Drugs

Study Finds Common Hypertension Drugs Help Lower Colorectal Cancer Risk

Medications commonly prescribed to help people treat high blood pressure have been found with anti-cancer effects. Researchers said that exposure to the drugs could help reduce the risk of developing colorectal cancer.

The new study, published in the journal Hypertension, looked into the effects of angiotensin converting enzyme inhibitor (ACE-i) and angiotensin II receptor blocker (ARB) medications. They are designed to manage conditions like heart failure, high blood pressure and heart disease. 

ACE-i and ARB work by blocking the chemical called angiotensin, which causes arteries to become narrow. Doctors usually provide these medications to help people lower their blood pressure.

Researchers have long been exploring the effects of ACE inhibitors and ARBs on cancer development. However, earlier studies faced challenges such as having a small number of patients, short-term follow-ups and conflicting findings, according to Wai Leung, a clinical professor of medicine at the University of Hong Kong. 

The latest study tried to address those issues. It looked into health records of 187,897 adult patients in Hong Kong and extended the analysis from 2005 to 2013.

All patients had a negative baseline colonoscopy for colorectal cancer. The disease ranks as the third most common cancer around the world and is the second leading cause of cancer death.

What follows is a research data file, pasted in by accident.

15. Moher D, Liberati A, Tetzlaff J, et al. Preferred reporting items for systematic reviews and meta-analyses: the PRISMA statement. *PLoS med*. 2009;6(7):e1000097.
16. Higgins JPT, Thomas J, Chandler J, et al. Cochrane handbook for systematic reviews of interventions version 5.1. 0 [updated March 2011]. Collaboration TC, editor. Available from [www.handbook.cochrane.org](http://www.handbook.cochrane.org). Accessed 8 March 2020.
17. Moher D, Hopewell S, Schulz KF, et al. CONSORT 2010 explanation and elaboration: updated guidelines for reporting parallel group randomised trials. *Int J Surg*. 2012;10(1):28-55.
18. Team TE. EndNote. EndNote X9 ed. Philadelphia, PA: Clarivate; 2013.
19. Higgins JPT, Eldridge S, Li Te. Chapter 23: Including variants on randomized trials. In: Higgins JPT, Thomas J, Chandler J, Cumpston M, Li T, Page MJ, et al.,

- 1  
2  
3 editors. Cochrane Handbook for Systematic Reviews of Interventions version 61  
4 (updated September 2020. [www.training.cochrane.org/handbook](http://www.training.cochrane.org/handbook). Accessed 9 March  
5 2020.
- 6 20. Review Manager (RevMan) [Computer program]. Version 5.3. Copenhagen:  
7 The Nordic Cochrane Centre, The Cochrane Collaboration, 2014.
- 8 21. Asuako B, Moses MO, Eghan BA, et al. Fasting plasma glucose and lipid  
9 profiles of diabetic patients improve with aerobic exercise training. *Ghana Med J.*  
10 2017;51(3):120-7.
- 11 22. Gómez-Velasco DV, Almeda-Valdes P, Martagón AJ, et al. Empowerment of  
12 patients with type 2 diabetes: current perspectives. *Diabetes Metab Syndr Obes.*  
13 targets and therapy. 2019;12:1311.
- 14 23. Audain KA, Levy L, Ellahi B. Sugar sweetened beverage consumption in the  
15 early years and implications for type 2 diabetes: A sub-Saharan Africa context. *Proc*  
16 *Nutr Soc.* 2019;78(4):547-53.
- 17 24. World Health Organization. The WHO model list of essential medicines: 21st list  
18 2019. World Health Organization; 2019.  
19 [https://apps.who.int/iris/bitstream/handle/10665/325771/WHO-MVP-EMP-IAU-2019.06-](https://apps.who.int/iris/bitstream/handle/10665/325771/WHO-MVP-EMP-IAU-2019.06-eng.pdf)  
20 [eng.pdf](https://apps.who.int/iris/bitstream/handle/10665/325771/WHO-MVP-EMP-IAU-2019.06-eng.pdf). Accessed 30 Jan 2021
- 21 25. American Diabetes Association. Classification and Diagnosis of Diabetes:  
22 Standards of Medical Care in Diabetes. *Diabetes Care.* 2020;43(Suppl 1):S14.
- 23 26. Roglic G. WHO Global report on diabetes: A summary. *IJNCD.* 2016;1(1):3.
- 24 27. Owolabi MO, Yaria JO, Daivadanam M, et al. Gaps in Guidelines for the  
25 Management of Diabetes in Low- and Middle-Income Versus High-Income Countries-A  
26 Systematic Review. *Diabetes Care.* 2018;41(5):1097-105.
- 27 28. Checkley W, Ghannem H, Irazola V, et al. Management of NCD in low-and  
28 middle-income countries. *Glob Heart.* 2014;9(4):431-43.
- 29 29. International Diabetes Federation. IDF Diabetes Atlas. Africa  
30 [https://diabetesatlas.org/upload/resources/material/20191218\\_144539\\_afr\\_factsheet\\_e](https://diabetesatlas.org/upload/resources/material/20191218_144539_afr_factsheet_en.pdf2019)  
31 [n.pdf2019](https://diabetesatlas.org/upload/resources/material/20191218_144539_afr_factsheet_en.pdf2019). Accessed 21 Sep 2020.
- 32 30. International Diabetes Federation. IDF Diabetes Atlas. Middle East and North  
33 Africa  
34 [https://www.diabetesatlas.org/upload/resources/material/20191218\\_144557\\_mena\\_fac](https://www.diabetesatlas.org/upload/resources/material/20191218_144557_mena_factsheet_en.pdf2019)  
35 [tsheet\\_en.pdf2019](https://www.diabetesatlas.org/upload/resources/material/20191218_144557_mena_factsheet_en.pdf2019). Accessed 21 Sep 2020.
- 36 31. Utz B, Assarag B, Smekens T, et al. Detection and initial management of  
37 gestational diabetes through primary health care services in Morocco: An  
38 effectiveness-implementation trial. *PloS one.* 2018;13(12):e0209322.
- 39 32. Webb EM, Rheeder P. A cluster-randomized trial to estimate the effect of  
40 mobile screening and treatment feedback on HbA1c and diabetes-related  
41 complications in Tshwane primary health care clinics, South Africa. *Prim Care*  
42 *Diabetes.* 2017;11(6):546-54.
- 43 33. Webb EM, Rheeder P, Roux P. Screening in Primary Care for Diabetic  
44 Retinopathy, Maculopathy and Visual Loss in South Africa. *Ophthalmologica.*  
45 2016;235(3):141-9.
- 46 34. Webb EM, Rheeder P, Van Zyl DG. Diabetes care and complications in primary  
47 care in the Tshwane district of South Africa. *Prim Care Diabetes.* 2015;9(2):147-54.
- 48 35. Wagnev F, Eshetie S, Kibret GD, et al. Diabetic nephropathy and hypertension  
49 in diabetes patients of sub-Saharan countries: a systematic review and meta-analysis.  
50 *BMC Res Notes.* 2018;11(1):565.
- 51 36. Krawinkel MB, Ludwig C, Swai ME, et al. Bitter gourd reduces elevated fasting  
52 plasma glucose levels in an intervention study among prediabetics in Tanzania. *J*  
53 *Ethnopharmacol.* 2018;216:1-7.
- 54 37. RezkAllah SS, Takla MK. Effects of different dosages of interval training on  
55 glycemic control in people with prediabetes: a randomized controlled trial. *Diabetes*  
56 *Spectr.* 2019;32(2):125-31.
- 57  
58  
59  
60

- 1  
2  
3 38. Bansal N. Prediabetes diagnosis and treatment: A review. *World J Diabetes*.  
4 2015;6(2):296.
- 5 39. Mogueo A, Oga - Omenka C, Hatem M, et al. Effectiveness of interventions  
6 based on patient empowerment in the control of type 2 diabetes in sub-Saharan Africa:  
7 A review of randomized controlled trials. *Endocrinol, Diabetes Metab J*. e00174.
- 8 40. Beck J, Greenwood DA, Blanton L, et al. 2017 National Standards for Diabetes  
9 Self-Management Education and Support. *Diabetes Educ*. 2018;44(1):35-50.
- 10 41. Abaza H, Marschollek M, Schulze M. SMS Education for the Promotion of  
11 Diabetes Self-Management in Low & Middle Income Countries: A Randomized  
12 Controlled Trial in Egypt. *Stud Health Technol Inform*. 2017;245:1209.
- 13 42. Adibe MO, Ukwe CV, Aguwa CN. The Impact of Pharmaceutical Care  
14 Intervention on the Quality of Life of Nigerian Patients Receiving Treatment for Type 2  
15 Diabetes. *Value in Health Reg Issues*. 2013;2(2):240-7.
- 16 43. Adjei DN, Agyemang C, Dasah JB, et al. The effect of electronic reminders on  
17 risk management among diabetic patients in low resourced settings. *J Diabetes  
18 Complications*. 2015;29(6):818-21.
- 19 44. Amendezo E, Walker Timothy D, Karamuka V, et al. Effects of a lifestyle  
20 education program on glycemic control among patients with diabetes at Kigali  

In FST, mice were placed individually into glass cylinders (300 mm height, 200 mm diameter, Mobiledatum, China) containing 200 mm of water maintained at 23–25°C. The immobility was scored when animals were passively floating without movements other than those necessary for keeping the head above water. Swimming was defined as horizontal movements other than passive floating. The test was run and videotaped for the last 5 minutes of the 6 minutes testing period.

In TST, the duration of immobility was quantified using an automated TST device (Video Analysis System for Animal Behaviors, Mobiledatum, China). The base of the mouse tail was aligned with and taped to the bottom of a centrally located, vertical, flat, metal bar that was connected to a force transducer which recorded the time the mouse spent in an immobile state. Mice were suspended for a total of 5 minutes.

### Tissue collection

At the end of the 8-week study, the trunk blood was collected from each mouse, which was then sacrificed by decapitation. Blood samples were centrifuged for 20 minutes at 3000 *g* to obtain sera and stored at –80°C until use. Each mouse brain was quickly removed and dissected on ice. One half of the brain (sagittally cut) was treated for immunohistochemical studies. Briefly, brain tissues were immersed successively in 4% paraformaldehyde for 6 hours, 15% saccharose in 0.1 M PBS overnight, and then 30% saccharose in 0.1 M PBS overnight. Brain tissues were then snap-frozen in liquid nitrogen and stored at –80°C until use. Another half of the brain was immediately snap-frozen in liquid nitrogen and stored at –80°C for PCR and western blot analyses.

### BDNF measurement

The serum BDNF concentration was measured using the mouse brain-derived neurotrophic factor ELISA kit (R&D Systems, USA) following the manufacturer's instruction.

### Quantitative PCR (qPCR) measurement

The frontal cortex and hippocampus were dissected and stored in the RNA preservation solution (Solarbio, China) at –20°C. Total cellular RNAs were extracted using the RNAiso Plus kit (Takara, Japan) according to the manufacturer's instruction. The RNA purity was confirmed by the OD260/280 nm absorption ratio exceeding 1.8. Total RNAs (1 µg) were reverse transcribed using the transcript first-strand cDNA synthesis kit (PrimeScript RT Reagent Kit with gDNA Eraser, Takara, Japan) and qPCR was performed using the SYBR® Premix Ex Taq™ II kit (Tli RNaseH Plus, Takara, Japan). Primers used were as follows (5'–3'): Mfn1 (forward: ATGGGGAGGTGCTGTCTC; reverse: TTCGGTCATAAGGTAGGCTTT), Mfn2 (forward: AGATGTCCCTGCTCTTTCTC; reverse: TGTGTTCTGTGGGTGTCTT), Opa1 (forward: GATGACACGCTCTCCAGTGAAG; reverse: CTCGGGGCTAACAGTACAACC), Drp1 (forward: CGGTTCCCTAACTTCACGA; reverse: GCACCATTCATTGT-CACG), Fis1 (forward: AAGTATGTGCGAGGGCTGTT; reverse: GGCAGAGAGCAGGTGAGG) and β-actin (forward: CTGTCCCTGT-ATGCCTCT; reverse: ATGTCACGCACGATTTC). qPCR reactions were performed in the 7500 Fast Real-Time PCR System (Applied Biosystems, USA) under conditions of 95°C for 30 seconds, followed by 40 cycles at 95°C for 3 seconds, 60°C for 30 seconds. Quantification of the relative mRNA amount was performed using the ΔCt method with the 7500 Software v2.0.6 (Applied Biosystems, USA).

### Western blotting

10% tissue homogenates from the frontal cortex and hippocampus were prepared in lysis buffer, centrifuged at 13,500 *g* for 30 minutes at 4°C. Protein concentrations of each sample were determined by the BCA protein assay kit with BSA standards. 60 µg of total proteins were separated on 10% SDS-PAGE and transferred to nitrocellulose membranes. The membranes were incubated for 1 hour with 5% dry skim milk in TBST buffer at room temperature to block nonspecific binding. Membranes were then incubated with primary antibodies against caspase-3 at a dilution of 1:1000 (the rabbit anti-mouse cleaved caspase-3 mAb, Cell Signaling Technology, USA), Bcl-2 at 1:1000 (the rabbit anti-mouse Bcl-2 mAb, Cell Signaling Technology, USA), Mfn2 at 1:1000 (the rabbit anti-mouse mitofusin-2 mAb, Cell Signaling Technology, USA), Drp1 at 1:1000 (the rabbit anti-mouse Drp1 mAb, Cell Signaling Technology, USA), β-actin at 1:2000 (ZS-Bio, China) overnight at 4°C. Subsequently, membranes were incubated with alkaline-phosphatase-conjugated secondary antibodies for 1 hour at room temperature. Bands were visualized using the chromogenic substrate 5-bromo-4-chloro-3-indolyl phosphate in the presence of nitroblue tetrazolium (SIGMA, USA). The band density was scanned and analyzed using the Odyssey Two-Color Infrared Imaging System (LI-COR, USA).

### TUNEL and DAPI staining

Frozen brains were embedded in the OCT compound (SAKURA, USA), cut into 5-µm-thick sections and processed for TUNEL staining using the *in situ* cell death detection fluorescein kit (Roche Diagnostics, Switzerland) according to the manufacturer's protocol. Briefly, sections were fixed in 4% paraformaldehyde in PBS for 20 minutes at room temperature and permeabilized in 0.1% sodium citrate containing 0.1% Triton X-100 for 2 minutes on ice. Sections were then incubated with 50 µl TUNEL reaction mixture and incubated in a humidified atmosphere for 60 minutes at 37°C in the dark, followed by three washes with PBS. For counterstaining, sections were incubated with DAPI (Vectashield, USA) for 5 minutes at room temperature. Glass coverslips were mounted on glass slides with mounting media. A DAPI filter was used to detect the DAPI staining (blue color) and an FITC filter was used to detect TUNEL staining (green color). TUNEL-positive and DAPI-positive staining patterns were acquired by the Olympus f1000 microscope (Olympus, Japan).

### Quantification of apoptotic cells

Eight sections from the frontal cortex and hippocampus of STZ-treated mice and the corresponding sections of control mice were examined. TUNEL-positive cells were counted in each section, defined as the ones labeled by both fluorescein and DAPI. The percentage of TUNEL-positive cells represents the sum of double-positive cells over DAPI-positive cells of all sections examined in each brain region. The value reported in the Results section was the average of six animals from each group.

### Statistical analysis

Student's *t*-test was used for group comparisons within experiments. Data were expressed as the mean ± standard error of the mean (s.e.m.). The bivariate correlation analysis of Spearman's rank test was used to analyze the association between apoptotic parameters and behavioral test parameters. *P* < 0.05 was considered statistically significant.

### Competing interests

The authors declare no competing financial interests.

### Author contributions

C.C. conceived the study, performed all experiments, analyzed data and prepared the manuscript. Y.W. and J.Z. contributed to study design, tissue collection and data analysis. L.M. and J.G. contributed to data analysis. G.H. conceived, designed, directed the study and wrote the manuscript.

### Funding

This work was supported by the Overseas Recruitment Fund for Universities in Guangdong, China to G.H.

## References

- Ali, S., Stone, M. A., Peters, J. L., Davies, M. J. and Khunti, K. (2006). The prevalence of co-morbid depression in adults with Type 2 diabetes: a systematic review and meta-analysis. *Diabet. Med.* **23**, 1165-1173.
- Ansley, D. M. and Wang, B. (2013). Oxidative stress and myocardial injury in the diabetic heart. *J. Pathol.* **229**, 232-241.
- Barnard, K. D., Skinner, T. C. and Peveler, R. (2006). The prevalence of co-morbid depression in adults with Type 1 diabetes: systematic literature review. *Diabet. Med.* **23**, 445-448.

Researchers found that the patients who took hypertension medications, such as ACE-i and ARBs, had a 22 percent lower risk of having colorectal cancer. Majority of those who experienced anti-cancer effects were aged 55 or older and those with a history of colon polyps.

"Our results provide new insights on a potential role of these medications for colorectal cancer prevention," Leung, one of the study authors, said in a statement. "This is the first study to show the potential beneficial effects of ACE inhibitors and ARBs on colorectal cancer development, based on a large group of patients who were colorectal cancer-free at the beginning of the study."

However, the researchers noted more studies are needed to verify the potential benefits of hypertension medications on colorectal cancer risk. Leung hopes that their findings will soon guide doctors in considering ACE-i and ARBs for patients with high blood pressure, heart failure and kidney diseases. 

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